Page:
The International Handbook of Suicide Prevention: Research, Policy and Practice

By Rory C. O’Connor; Jane Pirkis | Go to book overview

18
Prevention and Treatment
of Suicidality in Older Adults

Diego De Leo and Urška Arnautovska


Introduction

Old age is characterized by various physical, psychological, social, and behavioral changes, which have both negative and positive consequences. From a psychological perspective, as explained by Erikson in his psychosocial theory of human development (1982), older adults usually either resolve this last stage of their life by acquiring a feeling of integrity or fail to resolve it, resulting in a sense of despair. If, when looking back, they cannot find enough positive achievements, they are likely to feel that their life has become meaningless and not worth living. This chapter focuses on older adults whose psychological state makes them particularly vulnerable to suicidal behavior.


Peculiarities of Suicidal Behavior in Older Age

Older adults differ from members of other age groups on a variety of biological, psychological, and social characteristics. Suicidal behavior (employed to include selfharm, attempted suicide, and suicide) among older adults presents with certain peculiarities. For example, suicide in old age is often considered to be the result of a rational decision. This is especially the case in the suicide of a dependent and frail male whose death closely follows that of a spouse. Suicide can also be seen as a “legitimate exit” from life when loss of dignity, change in social role, and increased emotional isolation are experienced. In contrast, there is substantial evidence that among older adults suicidal behavior is influenced by the presence of psychiatric disorders, especially when mood alterations are present (Conwell et al., 2000; De Leo, Draper, Snowdon, & Kölves, 2013b; Fiske, Wetherell, & Gatz, 2009). Contrary to “ageistic” perspectives, depression is not a normal feature of aging (Rabheru, 2004), nor is it a natural response to deterioration of physical conditions or social or financial difficulties, which can be particularly common in older age. Confusing depression with sadness may dangerously lower the level of vigilance shown to patients and amplify the widespread problem of underrecognizing and undertreating depression in older adults (De Leo & Diekstra, 1990). Prevention, identification, and treatment of depression in old age may not only counteract suicidal ideation, but it might also reduce general mortality risk (Capurso et al., 2007).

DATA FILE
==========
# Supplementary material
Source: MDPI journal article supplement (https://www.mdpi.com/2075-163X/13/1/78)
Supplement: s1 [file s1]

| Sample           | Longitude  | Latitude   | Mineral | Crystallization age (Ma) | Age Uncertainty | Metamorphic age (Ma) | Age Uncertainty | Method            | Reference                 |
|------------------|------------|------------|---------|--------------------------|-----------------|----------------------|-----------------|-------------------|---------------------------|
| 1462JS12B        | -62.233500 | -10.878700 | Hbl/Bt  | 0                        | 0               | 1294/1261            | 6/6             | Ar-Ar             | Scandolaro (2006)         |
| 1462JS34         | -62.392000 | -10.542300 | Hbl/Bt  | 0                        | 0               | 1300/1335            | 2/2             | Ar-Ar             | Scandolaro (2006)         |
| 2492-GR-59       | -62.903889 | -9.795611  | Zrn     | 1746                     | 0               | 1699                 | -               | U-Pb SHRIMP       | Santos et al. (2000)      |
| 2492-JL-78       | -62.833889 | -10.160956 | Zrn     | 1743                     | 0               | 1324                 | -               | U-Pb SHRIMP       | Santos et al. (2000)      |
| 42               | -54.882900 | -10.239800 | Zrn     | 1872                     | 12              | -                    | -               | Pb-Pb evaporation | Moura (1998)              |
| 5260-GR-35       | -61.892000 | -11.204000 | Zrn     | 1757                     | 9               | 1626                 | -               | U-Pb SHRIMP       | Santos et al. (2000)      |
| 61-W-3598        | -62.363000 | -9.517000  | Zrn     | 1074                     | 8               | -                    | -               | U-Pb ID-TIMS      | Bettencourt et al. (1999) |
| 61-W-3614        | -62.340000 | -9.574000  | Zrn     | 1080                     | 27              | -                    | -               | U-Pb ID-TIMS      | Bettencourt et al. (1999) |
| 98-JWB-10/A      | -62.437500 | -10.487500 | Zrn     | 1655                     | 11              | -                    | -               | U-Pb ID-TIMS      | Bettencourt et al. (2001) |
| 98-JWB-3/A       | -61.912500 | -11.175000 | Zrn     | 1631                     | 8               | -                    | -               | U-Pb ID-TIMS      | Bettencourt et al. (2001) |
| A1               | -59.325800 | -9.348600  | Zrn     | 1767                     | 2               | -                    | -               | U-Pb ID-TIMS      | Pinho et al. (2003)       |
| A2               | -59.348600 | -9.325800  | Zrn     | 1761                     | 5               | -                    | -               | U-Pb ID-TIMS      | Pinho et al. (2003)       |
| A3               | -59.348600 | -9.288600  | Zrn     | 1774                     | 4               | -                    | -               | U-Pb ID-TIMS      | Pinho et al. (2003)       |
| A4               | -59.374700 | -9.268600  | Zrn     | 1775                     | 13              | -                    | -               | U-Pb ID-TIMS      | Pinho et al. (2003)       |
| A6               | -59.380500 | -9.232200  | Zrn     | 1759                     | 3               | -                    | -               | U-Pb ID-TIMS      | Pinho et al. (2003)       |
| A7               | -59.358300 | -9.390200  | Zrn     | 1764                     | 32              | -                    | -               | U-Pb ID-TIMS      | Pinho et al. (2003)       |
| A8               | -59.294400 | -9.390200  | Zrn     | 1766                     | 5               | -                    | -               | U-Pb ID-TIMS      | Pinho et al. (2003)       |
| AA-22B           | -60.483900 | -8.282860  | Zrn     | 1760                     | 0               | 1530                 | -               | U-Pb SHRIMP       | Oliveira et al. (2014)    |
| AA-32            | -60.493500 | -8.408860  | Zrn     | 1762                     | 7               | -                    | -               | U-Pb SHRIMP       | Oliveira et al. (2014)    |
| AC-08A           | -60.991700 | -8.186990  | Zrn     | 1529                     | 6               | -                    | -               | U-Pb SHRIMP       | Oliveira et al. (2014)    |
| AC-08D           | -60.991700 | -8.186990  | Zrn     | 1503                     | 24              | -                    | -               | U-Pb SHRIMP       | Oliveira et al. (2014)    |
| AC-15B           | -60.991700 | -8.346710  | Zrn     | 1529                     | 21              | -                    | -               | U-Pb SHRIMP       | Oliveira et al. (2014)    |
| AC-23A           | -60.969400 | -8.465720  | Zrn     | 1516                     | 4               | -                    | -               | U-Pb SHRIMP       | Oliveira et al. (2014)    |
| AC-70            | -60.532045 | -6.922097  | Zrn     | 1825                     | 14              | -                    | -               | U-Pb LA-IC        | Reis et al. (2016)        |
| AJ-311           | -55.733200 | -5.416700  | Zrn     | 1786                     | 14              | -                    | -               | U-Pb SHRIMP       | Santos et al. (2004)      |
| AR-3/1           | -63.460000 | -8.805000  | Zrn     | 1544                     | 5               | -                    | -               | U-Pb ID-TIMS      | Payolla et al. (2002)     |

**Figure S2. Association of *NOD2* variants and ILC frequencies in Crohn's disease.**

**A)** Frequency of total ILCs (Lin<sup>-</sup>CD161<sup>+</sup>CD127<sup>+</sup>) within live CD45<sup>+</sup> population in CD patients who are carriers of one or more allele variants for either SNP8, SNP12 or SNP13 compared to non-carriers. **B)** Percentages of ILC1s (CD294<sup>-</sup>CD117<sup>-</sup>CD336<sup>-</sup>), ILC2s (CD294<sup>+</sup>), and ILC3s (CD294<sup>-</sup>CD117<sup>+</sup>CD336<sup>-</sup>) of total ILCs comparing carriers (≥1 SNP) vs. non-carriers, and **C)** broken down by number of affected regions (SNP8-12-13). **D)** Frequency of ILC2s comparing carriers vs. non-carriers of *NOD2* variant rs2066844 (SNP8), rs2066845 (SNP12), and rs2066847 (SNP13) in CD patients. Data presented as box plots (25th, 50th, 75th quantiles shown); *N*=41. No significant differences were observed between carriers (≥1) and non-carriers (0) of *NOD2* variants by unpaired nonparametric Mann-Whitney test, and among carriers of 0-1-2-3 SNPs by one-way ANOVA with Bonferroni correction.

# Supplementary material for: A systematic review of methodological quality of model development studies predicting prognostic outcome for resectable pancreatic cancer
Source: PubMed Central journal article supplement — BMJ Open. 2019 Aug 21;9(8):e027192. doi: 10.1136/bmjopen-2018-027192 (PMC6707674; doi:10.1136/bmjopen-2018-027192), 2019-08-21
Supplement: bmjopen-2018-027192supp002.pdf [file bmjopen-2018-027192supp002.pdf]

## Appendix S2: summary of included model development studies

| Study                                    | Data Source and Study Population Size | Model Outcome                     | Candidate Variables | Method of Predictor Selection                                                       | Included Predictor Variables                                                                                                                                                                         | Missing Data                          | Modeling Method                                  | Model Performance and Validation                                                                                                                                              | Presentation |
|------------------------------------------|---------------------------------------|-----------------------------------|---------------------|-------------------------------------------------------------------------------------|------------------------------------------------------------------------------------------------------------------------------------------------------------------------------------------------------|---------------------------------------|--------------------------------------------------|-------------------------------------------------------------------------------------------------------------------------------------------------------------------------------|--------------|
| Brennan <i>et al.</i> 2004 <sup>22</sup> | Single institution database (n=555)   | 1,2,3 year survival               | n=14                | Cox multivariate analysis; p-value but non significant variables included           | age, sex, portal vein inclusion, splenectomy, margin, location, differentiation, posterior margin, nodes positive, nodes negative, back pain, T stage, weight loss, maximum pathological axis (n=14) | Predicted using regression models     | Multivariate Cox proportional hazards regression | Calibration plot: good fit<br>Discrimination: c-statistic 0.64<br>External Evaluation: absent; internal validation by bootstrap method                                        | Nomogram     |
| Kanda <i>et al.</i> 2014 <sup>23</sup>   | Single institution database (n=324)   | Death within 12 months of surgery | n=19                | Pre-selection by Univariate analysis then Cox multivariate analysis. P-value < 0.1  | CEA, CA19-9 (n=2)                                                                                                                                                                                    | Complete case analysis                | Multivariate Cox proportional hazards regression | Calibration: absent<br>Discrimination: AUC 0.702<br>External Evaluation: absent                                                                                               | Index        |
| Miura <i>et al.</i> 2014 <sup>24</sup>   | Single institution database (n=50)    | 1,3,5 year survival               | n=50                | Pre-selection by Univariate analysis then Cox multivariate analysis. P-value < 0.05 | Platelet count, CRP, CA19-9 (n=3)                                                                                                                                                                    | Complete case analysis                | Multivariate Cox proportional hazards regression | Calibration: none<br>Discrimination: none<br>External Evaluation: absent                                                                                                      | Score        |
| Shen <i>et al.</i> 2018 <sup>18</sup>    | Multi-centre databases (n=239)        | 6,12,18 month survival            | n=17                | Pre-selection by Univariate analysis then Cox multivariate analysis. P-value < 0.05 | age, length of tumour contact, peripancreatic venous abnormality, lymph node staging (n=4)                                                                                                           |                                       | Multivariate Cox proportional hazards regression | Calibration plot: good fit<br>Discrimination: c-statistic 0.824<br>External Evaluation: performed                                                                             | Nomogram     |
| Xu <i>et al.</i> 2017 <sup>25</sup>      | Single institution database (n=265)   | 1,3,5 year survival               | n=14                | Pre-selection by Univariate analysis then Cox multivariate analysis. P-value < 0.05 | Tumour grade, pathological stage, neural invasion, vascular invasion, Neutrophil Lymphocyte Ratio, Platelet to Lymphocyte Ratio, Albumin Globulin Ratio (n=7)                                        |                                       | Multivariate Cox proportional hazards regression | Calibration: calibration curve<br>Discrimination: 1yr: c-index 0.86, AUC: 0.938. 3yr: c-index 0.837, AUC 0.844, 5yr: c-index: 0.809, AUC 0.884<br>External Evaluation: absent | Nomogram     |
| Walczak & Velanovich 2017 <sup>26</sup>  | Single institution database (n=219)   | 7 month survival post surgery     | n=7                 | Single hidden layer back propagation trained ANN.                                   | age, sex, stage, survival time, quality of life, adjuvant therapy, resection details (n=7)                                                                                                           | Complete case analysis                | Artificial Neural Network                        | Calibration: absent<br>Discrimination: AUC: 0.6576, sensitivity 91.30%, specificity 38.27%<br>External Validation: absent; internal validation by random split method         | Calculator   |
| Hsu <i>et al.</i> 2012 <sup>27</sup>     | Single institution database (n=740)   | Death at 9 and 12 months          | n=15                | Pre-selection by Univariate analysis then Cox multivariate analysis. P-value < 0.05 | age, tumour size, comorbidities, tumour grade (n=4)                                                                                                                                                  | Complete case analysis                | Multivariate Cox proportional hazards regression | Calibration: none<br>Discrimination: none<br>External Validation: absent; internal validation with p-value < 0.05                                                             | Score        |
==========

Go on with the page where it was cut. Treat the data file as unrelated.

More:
The International Handbook of Suicide Prevention, Second Edition. Edited by Rory C. O’Connor and Jane Pirkis. © 2016 John Wiley & Sons, Ltd. Published 2016 by John Wiley & Sons, Ltd.

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